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Example needed

This is a discussion on Example needed within the C Programming forums, part of the General Programming Boards category; Hi, could anyone provide a small working example on how to write and read binary files. Let say i have ...

  1. #1
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    Example needed

    Hi, could anyone provide a small working example on how to write and read binary files. Let say i have 3 arrays , a char *array , int *array1 and unsigned int *array2. How would i store this on disc in binary format and then read it from the disc (i need all 3 arrays to be in a single binary on disc , is this possible ?)


    thank you very much,

    baxy

  2. #2
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    Quote Originally Posted by baxy View Post
    Hi, could anyone provide a small working example on how to write and read binary files. Let say i have 3 arrays , a char *array , int *array1 and unsigned int *array2. How would i store this on disc in binary format and then read it from the disc (i need all 3 arrays to be in a single binary on disc , is this possible ?)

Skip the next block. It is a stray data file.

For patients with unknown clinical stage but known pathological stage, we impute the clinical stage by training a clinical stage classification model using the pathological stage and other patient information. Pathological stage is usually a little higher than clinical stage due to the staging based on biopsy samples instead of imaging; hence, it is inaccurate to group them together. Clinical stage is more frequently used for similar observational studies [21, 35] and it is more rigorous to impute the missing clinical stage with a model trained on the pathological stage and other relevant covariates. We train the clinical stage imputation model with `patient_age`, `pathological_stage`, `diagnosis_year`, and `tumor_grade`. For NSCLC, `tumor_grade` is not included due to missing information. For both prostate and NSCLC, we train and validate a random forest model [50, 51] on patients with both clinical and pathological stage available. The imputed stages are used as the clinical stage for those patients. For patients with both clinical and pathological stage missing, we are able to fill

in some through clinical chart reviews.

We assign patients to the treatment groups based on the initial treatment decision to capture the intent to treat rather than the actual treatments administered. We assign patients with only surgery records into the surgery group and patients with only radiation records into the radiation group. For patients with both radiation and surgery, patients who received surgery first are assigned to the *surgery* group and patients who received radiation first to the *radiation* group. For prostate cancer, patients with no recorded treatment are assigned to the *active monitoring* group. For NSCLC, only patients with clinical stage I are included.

thank you very much,

    baxy
    It sounds like you want to use a struct, which takes disparate datatypes that relate to one object, and puts them together into a single object. Think of a student with an ID, a major, an age, a year in school, and several classes and a GPA. They can all go into one struct, and you can make an array of those structs if you like.

    So you'd wind up with just one file of structs - and there are zillions of examples of writing out binary files. Google one of them.

    If you get stuck, come back and post up your code, and tell us what you're stuck on. We're here to help, but want to see some starting effort - which is forum policy.
    baxy likes this.

  3. #3
    qny
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    The declarations: char *array, int *array1, and unsigned int *array2 do not specify arrays. They specify pointers.

    arrays are not pointers and pointers are not arrays. I suggest you read comp.lang.c.FAQ. particularly section 6.
    AndiPersti likes this.

  4. #4
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    Presumably you're talking about dynamically-allocated arrays.
    You can dump anything you want to a binary file.

    Open the file in binary mode.
    Write the data with fwrite.
    Close the file.

    Post your attempt.
    The cost of software maintenance increases with the square of the programmer's creativity. - Robert D. Bliss

  5. #5
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    hi, ok here is my attempt but i don't deg why is it not working. so i took Adak's advice and it is writing sonething but i cannot read it ????

    write.c
    Code:
    #include <stdio.h>
    #include <stdlib.h>
    #include "eprintf.h"
    
    
    struct data	{